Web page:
We buy pickups to do a job — a job that sometimes requires hauling or pulling a heavy load that pushes the truck’s factory weight limits to the edge. When that happens, the pickup’s nose is high, the tail is low, and the handling becomes a bit dicey as the truck bounces through the dips and leans around corners. Installing an air suspension kit is the easiest way to get the ride and handling back to a safe state for a pickup truck tasked with trailering gargantuan loads.
How to Install Airbags for Safer Towing
Airbags or air suspension kits will reduce how much the rear springs compress under load. They provide an air assist to help the factory springs carry the load. That, in turn, levels the truck and reduces instability while cornering or driving over dips in the road.
Notably, airbags, or more accurately, air helper springs, are exactly that — helper springs. Airbags do not increase a pickup’s payload or towing capacity. The manufacturer sets those limits and doesn’t get better, regardless of what aftermarket suspension upgrades you install.
Air Lift: Excellent Air Helper Springs
Air Lift Company, based in Lansing, Mich., makes one of the most convenient, popular, and infinitely adjustable aftermarket air helper spring kits. The company offers air suspension kits and accessories to fit nearly every popular pickup truck and SUV on the road. It comes as no surprise that their products are under a lot of heavy-duty pickups that tow big trailers or carry slide-in truck campers.
If you’re looking at how to install an air suspension kit yourself, the usual installation process follows three similar steps:
- Install the air-helper springs between the rear axle and frame
- Mount and connect the air compressor that inflates the two airbags
- Install some form of a controller for the air compressor
Once installed, a remote-controlled mini compressor will pump air into the airbags to level the rear of the pickup, Simple as that.
Following this process, we installed Air Lift’s LoadLifter 5000 Series (#25980) underneath a 2007 RAM 2500 Quad Cab 4×4 outfitted with a 5.9L Cummins. This pickup splits its towing duties between pulling a toy hauler on weekends and excavation equipment during the workweek. Bear in mind that Air Lift produces kits for Ford and GM HD pickups, too.
We also stepped up the leveling game by installing Air Lift’s slick Wireless One on-board air compressor system that allows on-the-fly air pressure adjustments via Bluetooth on either Android or Apple iOS device or by using the digital-readout hand control that comes with the kit.
How to Install Airbags: Helpful Tips
Air Lift provides detailed instructions in each kit, along with online videos to guide you through installation and use. It takes about 4 hours to do the install. Thomas Smalley, the service tech at Mobile Diesel Service in Sutherlin, Ore., has successfully installed numerous Air Lift kits. We employed his skills to install the Air Lift system on my RAM 2500.
He said DIYers should read through the instructions, and then set the parts out for each side before doing anything else. It’s also very helpful to be able to do the work with the truck on a lift.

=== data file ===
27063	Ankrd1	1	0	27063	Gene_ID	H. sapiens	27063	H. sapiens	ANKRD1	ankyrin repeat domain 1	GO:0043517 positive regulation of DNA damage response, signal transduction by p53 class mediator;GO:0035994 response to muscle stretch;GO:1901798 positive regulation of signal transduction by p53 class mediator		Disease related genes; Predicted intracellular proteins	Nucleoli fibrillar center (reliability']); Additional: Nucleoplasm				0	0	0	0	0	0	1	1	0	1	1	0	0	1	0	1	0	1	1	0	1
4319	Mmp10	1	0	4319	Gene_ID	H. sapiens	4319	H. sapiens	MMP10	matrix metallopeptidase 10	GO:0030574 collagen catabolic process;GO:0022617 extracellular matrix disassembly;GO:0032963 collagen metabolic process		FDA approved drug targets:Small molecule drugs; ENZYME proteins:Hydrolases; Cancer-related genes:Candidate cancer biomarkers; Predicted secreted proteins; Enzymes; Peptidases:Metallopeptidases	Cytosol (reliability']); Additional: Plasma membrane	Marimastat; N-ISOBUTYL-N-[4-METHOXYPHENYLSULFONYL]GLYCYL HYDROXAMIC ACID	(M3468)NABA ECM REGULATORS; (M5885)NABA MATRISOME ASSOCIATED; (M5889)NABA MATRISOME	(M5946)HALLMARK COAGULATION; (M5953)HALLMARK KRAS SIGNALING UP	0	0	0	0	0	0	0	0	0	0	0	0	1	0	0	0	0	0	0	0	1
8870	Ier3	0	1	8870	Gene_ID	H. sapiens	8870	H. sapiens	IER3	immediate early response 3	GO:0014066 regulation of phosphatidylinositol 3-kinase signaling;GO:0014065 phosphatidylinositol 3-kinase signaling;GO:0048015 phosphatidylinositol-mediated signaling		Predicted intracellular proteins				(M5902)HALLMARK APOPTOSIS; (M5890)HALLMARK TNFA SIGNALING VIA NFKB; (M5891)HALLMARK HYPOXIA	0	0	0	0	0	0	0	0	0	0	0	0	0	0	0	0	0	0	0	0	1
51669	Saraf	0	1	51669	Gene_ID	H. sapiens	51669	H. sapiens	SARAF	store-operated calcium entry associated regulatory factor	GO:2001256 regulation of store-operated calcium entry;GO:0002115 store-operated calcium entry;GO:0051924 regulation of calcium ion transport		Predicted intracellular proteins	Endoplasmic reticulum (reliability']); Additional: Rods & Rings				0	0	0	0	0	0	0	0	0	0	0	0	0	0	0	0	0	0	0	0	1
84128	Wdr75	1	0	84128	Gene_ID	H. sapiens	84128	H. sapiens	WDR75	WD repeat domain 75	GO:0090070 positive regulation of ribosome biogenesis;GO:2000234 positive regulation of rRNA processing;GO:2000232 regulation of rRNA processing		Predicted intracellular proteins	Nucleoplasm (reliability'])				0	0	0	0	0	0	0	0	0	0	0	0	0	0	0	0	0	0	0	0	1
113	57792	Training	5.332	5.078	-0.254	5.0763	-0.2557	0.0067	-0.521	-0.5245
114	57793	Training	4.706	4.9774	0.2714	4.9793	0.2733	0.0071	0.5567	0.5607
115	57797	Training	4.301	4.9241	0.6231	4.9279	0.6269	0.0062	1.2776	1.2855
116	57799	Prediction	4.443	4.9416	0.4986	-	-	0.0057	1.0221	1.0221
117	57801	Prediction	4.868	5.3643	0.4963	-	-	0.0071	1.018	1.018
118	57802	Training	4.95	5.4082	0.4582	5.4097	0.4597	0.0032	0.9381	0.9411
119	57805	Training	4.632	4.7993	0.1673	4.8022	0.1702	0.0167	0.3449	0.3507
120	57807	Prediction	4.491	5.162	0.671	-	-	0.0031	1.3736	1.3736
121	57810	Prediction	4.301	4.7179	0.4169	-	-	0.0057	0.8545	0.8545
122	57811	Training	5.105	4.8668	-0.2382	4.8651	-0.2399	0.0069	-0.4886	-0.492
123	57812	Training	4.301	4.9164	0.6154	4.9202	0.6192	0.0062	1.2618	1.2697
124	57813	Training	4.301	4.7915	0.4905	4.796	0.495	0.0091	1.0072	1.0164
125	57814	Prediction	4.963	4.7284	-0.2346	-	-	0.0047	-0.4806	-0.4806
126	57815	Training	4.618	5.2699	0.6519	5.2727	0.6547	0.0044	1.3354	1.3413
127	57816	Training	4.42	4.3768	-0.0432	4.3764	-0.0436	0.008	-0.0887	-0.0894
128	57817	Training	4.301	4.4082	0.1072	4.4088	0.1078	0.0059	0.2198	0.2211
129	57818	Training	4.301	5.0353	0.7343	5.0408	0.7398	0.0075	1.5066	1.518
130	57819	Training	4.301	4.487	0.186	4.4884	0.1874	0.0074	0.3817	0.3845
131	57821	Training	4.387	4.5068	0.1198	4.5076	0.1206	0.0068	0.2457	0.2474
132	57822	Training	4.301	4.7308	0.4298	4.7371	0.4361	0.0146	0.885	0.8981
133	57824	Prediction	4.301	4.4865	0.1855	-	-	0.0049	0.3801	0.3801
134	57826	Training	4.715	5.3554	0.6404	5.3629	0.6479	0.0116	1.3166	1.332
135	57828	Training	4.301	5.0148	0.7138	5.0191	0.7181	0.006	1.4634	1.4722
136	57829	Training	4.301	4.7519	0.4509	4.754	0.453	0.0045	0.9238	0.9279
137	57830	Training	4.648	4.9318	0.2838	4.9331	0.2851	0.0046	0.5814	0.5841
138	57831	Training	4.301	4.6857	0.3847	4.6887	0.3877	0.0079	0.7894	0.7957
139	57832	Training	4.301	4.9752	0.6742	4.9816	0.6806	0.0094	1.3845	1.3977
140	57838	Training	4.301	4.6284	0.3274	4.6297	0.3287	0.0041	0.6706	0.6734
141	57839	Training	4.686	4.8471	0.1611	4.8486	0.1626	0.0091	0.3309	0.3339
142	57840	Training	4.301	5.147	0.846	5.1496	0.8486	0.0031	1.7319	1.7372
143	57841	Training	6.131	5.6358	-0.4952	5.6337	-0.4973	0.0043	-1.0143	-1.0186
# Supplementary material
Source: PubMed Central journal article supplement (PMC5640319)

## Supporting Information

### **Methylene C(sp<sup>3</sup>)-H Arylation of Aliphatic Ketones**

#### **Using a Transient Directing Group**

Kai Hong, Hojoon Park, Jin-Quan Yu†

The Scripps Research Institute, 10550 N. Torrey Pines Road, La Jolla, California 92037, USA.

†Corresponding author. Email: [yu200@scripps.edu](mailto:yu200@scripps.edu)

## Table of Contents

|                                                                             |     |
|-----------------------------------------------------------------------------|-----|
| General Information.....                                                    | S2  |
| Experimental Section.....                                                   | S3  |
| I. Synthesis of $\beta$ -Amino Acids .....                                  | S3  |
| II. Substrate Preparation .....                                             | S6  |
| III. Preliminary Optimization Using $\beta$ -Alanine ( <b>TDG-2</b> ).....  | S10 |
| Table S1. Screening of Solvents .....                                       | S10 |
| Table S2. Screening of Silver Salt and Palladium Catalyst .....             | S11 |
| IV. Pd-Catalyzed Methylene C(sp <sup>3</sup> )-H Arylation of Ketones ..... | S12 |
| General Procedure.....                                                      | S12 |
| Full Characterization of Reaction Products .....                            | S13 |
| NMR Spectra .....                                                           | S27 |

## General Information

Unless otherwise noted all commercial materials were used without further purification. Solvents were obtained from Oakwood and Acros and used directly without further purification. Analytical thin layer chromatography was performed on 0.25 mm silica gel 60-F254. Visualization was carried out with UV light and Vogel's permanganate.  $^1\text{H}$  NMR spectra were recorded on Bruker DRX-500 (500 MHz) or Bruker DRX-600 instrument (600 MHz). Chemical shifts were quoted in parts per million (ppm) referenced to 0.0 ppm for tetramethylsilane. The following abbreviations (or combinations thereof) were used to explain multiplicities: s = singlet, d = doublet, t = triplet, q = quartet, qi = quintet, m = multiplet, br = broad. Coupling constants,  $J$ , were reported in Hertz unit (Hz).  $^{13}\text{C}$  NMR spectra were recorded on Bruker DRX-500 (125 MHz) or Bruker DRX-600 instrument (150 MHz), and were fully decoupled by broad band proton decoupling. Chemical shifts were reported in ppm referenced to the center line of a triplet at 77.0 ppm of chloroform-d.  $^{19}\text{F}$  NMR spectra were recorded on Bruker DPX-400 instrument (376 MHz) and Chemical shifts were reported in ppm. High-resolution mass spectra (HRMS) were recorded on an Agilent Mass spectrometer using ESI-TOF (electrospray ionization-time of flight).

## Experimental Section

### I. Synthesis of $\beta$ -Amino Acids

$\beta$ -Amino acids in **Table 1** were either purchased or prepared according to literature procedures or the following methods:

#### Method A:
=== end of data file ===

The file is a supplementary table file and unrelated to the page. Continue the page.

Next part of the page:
“Air Lift’s 18-page guide booklet is one of the best, with large photos and detailed instructions,” said Smalley. “A pickup owner with the basic tools shouldn’t be intimidated to do this at their home.”
One tip Smalley passed along: put an air hose nozzle to the air inlet fitting on each bag after securing the bottom brackets to the axle housing. Using compressed air will slowly raise the airbags until you can bolt the top mounting plates to the frame plates.
“Otherwise, it can be a pain to get the two plates close enough together to put in the attaching bolts when the truck is on a hoist (or jack stands), and the rear axle is at full droop,” Smalley said. “Or you can place a screw jack under each side of the axle housing and raise it up until the top plate on the air springs contacts the frame plates.”
Another key point to remember: Do not put in the fuse for the wireless compressor/manifold until you are ready to make the initial link to the controller or app on your phone or tablet.
Once the fuse is in, the system stays in the Bluetooth “search/link” mode for about 2 minutes. If the Bluetooth pairing fails after 2 minutes, it shuts off, and you must remove and reinsert the fuse to begin again. We learned this from firsthand experience.
Wireless Air Control Gen 2
Using the Air Lift LoadLifter 5000 system is straightforward. The second-generation Bluetooth Wireless One system allows you to adjust air pressure up or down.
The screen of the handheld controller, or a more detailed visual schematic on a smartphone or tablet, displays the airbag’s psi level. Raise or lower the air pressure — measured in 1-pound increments — until achieving the desired ride height and comfort level.
It has a range of up to 20 feet away, which allows the operator to stand back and view the truck’s attitude while adjusting the air pressure to achieve a level stance. We found it only required 40-65 pounds of air pressure to maintain the level ride for the towing and hauling applications with this RAM 2500.
The frame-mounted Wireless One standard compressor is loud but does its job quickly, supplying a maximum of 100 psi to the air springs. The minimum air pressure should never go below 5 psi. This minimum value prevents damage to the air springs in the event the suspension fully compresses when there’s no load in the bed or trailer on the hitch.
Once installed, your new air springs can give your pickup truck a literal attitude adjustment with a shot of air whenever needed.
How to Install Airbags: A Visual Step-by-Step Guide
The images below show the highlights of the Air Lift LoadLifter 5000 air spring installation. These steps are typical of an air suspension kit installation on the majority of pickup trucks and SUVs.